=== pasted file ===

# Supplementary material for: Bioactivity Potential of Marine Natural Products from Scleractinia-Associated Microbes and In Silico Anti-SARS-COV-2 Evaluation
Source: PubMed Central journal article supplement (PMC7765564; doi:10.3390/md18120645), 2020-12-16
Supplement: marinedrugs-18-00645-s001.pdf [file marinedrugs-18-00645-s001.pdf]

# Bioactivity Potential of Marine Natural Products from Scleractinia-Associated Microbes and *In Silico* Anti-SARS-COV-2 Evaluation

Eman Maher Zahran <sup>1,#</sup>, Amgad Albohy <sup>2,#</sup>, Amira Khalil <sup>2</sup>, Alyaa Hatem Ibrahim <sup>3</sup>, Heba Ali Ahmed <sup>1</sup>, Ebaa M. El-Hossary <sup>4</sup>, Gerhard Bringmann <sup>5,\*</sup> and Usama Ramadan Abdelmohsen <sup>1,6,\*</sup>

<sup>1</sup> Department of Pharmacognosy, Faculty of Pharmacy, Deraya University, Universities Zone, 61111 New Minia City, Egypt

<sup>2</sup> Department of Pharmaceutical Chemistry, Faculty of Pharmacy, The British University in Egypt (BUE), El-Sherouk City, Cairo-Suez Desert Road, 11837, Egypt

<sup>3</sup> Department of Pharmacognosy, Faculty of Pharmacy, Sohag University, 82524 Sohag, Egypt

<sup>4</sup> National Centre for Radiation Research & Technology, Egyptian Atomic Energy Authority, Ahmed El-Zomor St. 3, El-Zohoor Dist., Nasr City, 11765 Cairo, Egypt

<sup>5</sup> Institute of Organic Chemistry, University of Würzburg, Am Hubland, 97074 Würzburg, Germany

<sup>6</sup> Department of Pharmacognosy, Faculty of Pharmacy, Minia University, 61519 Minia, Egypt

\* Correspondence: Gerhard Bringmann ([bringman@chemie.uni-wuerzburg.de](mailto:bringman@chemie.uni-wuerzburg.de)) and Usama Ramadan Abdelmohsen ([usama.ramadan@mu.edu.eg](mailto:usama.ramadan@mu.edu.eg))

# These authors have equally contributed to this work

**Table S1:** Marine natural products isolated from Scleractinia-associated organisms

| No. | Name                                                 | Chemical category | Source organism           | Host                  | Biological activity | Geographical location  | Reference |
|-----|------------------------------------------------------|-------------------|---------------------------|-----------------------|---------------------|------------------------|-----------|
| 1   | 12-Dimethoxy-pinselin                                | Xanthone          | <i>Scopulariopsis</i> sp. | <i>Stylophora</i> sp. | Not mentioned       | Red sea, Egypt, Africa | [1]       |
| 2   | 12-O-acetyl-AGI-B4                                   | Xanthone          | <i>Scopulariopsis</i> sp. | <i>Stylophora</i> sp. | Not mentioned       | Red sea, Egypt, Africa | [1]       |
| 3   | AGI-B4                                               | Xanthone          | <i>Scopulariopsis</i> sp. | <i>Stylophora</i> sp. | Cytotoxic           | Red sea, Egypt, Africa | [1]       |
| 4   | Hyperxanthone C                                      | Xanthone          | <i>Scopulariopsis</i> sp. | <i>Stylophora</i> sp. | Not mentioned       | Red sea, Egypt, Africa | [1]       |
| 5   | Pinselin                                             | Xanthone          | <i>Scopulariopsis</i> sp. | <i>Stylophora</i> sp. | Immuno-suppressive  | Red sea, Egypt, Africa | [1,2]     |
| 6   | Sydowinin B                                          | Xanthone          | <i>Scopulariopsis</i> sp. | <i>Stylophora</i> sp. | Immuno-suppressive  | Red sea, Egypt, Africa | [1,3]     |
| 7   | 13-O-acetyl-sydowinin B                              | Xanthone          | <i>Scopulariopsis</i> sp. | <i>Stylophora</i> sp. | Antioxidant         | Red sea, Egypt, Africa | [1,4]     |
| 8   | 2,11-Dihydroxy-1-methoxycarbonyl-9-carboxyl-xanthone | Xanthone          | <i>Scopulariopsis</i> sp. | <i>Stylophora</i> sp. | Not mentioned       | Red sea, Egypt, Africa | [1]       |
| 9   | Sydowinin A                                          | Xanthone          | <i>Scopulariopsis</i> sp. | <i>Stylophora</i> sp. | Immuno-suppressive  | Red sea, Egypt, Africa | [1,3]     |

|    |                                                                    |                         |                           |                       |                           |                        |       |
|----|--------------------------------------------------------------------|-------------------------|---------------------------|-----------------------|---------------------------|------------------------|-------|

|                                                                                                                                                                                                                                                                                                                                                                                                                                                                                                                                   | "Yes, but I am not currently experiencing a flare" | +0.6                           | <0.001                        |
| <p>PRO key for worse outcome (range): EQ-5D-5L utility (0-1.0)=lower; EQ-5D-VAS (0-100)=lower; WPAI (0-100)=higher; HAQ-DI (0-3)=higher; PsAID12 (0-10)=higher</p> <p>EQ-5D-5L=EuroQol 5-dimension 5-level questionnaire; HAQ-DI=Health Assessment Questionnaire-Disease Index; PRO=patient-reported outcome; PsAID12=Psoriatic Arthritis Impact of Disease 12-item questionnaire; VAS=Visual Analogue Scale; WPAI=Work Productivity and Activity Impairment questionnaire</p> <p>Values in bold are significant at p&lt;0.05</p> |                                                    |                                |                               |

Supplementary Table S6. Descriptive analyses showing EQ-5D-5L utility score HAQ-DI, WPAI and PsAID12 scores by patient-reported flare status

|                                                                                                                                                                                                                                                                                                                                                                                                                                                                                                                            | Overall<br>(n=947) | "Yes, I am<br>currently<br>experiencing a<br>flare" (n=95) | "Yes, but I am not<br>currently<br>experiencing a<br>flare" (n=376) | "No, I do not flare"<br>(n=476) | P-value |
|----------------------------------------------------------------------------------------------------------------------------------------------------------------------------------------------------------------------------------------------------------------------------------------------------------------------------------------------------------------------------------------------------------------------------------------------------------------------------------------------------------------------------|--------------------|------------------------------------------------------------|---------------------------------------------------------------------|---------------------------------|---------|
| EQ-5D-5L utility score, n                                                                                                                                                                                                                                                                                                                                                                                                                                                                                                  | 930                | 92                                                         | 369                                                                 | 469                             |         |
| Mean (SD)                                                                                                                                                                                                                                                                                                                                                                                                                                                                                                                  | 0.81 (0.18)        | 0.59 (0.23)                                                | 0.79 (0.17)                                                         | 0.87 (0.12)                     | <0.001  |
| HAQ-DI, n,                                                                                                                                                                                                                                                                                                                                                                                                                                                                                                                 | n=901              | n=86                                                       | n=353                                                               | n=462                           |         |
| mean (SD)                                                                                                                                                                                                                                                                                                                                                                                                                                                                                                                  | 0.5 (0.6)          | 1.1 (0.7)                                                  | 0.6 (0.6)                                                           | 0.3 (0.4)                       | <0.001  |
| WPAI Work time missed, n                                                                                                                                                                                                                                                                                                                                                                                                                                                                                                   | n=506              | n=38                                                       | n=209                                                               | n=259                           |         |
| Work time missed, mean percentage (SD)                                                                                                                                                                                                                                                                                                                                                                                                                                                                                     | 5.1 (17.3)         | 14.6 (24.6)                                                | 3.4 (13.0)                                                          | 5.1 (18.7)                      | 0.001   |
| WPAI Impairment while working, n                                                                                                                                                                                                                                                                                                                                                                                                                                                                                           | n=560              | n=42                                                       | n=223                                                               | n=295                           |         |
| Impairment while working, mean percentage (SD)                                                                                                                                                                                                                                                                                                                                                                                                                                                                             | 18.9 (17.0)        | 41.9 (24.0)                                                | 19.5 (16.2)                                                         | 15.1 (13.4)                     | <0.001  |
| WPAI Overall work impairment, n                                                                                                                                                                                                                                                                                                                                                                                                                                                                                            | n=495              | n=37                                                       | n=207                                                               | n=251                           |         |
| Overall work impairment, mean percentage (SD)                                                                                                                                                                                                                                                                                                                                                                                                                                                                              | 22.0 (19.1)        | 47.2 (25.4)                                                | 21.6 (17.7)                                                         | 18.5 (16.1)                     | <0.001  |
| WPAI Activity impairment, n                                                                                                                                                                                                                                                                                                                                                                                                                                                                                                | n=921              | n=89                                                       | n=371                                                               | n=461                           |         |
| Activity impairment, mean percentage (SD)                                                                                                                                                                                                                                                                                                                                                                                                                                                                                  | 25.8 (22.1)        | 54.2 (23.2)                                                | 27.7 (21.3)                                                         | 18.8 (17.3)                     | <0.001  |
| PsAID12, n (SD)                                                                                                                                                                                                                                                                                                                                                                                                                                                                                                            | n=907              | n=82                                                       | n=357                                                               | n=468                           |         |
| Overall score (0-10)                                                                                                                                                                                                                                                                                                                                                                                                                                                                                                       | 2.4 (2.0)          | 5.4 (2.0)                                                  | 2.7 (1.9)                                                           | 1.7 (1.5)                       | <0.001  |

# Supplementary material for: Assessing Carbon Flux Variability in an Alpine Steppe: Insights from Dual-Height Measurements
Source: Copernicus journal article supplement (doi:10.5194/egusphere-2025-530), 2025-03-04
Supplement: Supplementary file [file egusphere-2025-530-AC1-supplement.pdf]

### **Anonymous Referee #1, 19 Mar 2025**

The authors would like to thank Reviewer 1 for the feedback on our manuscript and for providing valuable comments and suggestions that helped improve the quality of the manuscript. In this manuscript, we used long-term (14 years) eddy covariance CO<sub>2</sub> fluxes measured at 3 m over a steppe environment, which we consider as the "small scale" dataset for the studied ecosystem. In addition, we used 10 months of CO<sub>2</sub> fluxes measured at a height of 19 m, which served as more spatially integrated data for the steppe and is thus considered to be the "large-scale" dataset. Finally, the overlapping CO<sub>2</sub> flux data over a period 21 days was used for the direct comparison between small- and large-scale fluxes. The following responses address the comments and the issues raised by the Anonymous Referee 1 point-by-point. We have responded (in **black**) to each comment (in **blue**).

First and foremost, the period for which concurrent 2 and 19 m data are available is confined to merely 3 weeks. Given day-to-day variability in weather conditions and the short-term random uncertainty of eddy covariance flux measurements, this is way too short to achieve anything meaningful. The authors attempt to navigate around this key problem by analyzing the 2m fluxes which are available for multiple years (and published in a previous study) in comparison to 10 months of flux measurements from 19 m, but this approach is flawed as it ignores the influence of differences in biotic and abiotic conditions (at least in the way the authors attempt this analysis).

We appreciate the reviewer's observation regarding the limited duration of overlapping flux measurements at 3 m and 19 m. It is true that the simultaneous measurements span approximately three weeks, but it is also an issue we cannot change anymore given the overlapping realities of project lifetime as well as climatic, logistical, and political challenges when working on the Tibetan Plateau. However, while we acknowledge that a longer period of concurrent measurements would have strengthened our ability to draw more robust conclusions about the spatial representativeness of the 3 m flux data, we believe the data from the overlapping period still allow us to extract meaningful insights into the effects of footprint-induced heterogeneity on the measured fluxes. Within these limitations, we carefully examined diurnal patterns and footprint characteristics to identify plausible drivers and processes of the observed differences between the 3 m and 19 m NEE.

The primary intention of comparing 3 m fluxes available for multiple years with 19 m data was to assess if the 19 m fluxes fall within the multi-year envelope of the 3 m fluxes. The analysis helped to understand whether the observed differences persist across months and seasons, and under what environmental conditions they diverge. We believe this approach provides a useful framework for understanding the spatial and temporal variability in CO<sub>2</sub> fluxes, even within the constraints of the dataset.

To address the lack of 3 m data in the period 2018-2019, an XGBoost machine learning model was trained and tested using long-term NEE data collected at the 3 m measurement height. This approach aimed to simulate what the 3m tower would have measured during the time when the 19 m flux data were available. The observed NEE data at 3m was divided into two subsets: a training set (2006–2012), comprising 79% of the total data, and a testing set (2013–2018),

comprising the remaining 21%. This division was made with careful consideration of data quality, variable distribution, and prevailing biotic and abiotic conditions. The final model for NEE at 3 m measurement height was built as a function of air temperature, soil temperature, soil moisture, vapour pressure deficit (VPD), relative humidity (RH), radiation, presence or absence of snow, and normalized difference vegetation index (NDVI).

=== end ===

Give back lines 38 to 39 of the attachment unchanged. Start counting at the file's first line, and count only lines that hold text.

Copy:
| Work time missed, mean percentage (SD)                                                                                                                                                                                                                                                                                                                                                                                                                                                                                     | 5.1 (17.3)         | 14.6 (24.6)                                                | 3.4 (13.0)                                                          | 5.1 (18.7)                      | 0.001   |
| WPAI Impairment while working, n                                                                                                                                                                                                                                                                                                                                                                                                                                                                                           | n=560              | n=42                                                       | n=223                                                               | n=295                           |         |